Billy Elliot (2000)

by Renee Scolaro Rathke


Still Waiting


nside every one of us,” the tagline for Billy Elliot promises, “is a special talent waiting to come out. The trick is finding it.” Themes like this one have been explored ad nauseam over the years (in movies from Morning Glory to Rudy to The Cider House Rules), but there is something about the idea of finding your calling that is still appealing. Maybe we have yet to find “it”; maybe the “it” we once found has long since lost the significance it had when it was shiny and new. Either way, these feel-good flicks enable us to experience vicariously that magical instant of discovery.

cover art

Billy Elliot

Director: Stephen Daldry
Cast: Jamie Bell, Gary Lewis, Jean Heywood, Julie Walters, Stuart Wells


From both perspectives, Stephen Daldry’s Billy Elliot satisfies. If you identify with young Billy (Jamie Bell), you walk away feeling content, maybe even a little hopeful. Or, if you pay attention to the supporting characters who have already passed by their “moments,” you might just feel a little saddened. You see, Billy Elliot has more than the tingly-good-feelings associated with its major theme of fulfilling a dream. The film is heavily invested in the hope and promise associated with youth and the sense of impotence and regret linked to lost opportunities and undiscovered — or worse, wasted — gifts. What interests me about Billy Elliot is that beyond chronicling a series of life-changing events in a boy’s life, the film shapes that boy and his experiences as a representation of things lost to the adults surrounding him. So, behind a triumphant tale of self-discovery is a subtext of anxiety that ultimately enhances what might have been a pretty ordinary film.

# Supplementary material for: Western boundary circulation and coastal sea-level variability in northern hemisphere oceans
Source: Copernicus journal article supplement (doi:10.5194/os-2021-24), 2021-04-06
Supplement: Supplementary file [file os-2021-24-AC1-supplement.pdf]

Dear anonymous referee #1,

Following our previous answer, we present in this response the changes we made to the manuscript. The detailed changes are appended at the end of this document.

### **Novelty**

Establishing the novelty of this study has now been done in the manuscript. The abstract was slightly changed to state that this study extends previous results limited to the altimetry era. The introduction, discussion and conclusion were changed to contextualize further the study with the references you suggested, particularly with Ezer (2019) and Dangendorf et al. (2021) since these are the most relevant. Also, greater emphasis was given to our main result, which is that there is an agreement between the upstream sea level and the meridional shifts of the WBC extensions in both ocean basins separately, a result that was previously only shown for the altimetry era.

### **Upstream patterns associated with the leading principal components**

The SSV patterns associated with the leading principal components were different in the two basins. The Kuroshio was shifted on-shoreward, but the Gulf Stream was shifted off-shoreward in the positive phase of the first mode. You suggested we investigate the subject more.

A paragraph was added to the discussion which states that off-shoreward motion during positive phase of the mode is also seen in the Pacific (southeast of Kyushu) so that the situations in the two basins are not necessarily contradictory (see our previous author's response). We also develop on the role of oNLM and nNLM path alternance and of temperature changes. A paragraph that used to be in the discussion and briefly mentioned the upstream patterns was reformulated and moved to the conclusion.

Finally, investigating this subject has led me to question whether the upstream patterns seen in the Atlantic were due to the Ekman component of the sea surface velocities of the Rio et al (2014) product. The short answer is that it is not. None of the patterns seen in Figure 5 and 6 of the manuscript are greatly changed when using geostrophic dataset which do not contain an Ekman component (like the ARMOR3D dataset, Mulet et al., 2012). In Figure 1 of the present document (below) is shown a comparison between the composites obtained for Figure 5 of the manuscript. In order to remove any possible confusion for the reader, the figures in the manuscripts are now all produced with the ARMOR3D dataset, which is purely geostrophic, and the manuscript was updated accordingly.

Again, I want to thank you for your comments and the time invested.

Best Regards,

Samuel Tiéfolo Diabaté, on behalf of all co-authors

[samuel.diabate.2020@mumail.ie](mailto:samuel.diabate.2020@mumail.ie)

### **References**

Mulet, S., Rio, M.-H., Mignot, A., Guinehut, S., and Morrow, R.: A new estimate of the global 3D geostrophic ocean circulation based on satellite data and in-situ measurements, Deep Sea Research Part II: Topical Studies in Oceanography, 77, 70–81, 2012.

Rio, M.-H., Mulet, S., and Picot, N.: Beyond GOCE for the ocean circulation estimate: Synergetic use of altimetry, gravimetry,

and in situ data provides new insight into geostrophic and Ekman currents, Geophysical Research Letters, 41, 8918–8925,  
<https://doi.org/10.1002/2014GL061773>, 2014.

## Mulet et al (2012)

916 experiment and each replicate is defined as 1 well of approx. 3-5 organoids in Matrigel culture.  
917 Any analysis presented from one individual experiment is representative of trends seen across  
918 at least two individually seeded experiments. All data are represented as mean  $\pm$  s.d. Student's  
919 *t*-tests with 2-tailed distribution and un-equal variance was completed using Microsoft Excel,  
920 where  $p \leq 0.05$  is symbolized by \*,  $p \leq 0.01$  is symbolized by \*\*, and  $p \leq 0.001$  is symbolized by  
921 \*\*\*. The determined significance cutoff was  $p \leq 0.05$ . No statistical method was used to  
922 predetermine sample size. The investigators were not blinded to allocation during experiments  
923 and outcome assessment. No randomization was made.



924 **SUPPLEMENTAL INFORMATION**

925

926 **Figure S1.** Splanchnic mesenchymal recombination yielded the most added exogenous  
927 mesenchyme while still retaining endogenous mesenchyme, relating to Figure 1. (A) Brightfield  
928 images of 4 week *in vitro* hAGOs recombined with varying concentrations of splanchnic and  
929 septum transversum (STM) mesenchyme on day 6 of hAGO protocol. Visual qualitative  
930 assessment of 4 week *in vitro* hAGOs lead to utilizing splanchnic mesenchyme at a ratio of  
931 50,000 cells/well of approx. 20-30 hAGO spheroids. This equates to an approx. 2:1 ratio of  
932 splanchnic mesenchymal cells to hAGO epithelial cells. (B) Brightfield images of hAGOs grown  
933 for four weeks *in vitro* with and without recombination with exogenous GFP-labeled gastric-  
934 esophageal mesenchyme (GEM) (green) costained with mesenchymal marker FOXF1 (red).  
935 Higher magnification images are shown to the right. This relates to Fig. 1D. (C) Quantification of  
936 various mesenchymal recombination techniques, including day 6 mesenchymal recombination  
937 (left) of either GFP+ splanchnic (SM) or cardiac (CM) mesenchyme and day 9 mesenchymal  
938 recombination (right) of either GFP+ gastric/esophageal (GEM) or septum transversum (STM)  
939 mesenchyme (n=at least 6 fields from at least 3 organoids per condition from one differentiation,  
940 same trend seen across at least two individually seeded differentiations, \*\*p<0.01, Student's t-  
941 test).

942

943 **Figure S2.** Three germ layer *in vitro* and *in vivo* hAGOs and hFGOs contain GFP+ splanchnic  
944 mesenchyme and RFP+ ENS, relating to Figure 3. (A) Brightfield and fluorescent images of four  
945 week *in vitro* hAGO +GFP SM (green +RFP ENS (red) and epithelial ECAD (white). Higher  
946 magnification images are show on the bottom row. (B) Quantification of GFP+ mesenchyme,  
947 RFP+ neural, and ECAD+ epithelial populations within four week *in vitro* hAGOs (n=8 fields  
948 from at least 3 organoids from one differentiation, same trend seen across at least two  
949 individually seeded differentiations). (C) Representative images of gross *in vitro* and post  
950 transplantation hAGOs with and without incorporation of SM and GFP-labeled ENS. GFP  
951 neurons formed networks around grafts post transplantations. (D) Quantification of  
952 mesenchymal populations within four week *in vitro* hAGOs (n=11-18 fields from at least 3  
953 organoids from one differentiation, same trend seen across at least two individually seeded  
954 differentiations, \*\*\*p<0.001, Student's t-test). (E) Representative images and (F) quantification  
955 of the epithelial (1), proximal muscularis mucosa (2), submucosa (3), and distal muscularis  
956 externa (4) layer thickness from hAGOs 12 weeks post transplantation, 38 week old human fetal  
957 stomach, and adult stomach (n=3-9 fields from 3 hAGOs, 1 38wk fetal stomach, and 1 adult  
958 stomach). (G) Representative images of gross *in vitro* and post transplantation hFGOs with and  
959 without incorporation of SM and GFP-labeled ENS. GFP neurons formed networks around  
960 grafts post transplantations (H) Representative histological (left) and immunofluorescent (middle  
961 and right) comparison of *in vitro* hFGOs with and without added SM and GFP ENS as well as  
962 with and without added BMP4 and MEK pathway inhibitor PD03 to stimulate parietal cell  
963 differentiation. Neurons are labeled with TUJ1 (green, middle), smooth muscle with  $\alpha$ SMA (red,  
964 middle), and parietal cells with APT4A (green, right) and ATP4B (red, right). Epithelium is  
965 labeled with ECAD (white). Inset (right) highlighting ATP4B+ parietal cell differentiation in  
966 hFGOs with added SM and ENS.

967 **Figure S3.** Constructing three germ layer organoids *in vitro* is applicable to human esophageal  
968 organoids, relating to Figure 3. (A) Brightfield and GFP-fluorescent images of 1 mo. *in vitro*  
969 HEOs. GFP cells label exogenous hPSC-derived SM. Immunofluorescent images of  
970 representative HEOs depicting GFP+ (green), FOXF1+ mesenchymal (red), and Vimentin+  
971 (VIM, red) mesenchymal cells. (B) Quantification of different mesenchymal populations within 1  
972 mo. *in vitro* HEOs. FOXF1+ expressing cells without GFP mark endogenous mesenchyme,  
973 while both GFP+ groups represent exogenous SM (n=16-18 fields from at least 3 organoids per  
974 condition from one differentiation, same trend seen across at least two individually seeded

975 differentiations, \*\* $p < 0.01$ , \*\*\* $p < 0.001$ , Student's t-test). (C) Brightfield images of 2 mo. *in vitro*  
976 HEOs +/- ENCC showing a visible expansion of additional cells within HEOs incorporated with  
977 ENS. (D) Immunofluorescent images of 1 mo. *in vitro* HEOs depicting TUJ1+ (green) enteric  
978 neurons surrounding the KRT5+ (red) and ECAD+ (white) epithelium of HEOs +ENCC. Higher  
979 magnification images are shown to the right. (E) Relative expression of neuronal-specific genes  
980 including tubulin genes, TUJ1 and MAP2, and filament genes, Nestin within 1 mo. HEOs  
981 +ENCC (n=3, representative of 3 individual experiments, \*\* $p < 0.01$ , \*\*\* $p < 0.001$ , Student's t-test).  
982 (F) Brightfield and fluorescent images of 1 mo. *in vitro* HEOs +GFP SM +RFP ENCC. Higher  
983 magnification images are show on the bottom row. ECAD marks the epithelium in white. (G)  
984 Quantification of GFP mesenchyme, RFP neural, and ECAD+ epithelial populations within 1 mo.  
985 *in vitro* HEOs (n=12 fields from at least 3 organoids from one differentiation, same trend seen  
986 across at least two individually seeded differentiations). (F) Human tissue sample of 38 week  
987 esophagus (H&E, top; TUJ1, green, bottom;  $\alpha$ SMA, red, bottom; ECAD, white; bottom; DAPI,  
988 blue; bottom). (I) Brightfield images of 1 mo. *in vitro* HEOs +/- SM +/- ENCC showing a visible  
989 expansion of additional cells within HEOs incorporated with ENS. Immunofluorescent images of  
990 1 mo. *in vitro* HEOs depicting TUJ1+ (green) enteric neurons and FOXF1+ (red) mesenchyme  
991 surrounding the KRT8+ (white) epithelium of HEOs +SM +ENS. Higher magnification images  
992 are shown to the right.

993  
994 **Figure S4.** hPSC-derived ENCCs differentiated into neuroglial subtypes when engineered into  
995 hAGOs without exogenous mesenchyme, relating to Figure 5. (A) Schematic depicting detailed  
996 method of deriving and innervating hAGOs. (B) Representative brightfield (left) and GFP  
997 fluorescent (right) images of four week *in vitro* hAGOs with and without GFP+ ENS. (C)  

The title character of Billy Elliot is, in 1984, an 11-year-old boy whose mother recently died of cancer. His father (Gary Lewis) manages to scrape together 50 pence each week to send him to boxing lessons at the local gym. Unfortunately, our Billy isn’t much of a boxer, but takes his weekly beating without fail or much complaint, until one day he inadvertently gets drawn into the ballet class taking place on the other side of the gym. It’s a great image: gangly Billy in satin boxing shorts and an undershirt, surrounded by prepubescent tutu-ed girls who are paying more attention to him than their plies or their middle-aged, chain-smoking dance teacher, Mrs. Wilkinson (Julie Waters). He’s a little lost as far as technique goes — okay, he’s a lot lost — but at least his clumsiness in the ballet studio results in far less bruising than it does in the boxing ring.

Encouraged by Mrs. Wilkinson’s belief in his unrefined talent, Billy continues with the classes on the sly, certain that his father and older brother, Tony (Jamie Draven), would not approve. And of course, we know why they won’t approve. They are, or so we are meant to think, men’s men: striking coal miners in Northern England, taking a stand, undaunted by violent clashes with the riot police, refusing to cross the picket line even when they are forced to chop up their piano for use as firewood. They fail to see that Billy is neither suited for, nor enjoys boxing, leaving you to wonder whether the boxing lessons are an attempt to offset Billy’s increasingly apparent function in the family. He essentially fulfills his deceased mother’s role around the house, taking care of his grandmother (Jean Heywood) and the housework. As deeply entrenched as they are in their perceived codes of manliness (hardworking, fearless, just, strong, forceful), it’s no wonder that a son and brother who trades in his boxing gloves for ballet slippers would be more than a little troubling for Dad and Tony.